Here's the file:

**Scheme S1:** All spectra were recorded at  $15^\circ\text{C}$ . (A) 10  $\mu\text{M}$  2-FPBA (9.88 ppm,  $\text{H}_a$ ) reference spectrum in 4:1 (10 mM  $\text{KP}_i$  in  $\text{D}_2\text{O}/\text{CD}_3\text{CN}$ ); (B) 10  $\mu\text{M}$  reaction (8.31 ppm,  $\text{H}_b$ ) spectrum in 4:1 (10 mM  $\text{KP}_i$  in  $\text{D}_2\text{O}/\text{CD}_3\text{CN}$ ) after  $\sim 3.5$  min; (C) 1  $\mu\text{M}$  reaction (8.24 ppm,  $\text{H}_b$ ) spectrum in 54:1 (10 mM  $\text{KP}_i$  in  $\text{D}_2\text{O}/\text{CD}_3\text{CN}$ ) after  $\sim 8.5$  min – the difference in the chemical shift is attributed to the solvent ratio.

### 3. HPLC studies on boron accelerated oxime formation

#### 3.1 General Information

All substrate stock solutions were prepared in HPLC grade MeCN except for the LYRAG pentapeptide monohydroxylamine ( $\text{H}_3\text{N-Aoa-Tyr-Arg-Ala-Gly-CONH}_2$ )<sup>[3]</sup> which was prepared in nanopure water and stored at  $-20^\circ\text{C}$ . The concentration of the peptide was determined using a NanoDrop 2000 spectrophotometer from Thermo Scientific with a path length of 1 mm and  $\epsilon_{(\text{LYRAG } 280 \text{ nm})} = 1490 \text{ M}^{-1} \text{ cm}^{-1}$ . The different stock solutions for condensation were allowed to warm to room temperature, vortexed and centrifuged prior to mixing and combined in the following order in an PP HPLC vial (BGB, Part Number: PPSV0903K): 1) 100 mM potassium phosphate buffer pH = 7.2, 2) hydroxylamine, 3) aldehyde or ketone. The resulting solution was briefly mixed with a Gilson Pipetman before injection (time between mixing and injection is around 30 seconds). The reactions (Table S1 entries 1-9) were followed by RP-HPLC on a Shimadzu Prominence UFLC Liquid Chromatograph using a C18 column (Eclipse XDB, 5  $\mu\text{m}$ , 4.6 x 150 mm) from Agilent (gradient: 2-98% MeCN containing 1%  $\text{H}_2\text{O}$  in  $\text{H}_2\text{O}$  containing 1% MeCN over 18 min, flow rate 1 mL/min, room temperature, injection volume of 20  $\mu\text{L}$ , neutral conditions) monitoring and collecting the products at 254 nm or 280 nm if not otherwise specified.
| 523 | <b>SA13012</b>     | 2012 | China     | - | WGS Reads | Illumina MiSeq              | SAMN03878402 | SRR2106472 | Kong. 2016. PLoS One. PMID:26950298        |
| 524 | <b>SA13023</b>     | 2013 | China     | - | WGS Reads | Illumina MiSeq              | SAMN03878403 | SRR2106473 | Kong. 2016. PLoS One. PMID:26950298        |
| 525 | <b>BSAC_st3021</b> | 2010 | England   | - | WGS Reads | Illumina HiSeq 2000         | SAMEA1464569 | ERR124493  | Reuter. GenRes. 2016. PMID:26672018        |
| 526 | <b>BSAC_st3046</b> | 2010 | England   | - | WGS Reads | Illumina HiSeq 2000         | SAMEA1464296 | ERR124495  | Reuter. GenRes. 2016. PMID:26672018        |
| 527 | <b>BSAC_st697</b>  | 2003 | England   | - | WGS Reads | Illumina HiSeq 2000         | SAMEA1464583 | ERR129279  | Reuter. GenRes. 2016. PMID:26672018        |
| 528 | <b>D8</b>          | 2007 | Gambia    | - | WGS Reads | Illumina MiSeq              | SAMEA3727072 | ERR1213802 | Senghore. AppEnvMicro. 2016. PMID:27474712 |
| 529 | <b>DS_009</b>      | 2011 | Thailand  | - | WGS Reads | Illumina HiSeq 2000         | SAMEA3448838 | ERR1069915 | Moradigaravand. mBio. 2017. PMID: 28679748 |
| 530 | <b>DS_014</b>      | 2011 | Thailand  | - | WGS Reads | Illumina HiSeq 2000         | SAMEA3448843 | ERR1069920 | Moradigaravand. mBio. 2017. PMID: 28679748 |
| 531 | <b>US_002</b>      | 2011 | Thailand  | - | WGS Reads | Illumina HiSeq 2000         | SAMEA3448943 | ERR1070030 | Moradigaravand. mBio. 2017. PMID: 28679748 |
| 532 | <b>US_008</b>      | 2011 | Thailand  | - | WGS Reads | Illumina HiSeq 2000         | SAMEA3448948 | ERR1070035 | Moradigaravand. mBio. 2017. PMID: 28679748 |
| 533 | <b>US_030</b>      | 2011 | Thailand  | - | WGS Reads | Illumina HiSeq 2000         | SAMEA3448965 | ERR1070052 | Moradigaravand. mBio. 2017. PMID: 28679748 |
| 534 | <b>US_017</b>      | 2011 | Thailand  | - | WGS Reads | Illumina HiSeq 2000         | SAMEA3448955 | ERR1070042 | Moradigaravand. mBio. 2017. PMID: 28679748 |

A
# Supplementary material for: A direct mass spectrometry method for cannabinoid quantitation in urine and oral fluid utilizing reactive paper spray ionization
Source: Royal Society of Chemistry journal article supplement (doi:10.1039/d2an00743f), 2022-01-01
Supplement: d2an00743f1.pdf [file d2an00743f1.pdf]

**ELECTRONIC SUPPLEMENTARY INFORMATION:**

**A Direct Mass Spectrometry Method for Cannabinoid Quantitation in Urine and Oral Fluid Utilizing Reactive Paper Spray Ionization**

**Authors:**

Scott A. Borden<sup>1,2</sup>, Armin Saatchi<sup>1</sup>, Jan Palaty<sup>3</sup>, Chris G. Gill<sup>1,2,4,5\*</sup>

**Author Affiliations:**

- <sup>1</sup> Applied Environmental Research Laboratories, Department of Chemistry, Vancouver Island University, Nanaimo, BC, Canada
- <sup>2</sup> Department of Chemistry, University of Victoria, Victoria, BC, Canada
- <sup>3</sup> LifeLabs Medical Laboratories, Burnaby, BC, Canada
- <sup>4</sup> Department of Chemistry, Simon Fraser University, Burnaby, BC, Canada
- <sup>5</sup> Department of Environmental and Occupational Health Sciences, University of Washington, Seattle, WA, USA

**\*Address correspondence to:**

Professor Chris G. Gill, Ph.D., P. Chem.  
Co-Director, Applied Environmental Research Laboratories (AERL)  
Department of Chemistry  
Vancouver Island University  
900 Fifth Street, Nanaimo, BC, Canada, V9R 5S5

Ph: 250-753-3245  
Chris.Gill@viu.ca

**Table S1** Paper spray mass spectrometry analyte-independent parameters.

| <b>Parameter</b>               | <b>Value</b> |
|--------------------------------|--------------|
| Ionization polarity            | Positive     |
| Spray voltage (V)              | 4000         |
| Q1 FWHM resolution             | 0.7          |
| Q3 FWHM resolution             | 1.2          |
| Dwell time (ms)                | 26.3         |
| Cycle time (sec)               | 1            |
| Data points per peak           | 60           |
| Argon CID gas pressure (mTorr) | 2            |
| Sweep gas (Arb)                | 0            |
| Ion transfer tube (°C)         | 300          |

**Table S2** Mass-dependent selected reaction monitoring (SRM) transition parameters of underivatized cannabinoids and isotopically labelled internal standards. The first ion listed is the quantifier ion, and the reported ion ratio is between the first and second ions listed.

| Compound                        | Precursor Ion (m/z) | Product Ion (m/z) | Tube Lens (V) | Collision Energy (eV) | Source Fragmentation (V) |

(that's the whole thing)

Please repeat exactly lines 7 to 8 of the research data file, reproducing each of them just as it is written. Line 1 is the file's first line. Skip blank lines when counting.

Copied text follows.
| 525 | <b>BSAC_st3021</b> | 2010 | England   | - | WGS Reads | Illumina HiSeq 2000         | SAMEA1464569 | ERR124493  | Reuter. GenRes. 2016. PMID:26672018        |
| 526 | <b>BSAC_st3046</b> | 2010 | England   | - | WGS Reads | Illumina HiSeq 2000         | SAMEA1464296 | ERR124495  | Reuter. GenRes. 2016. PMID:26672018        |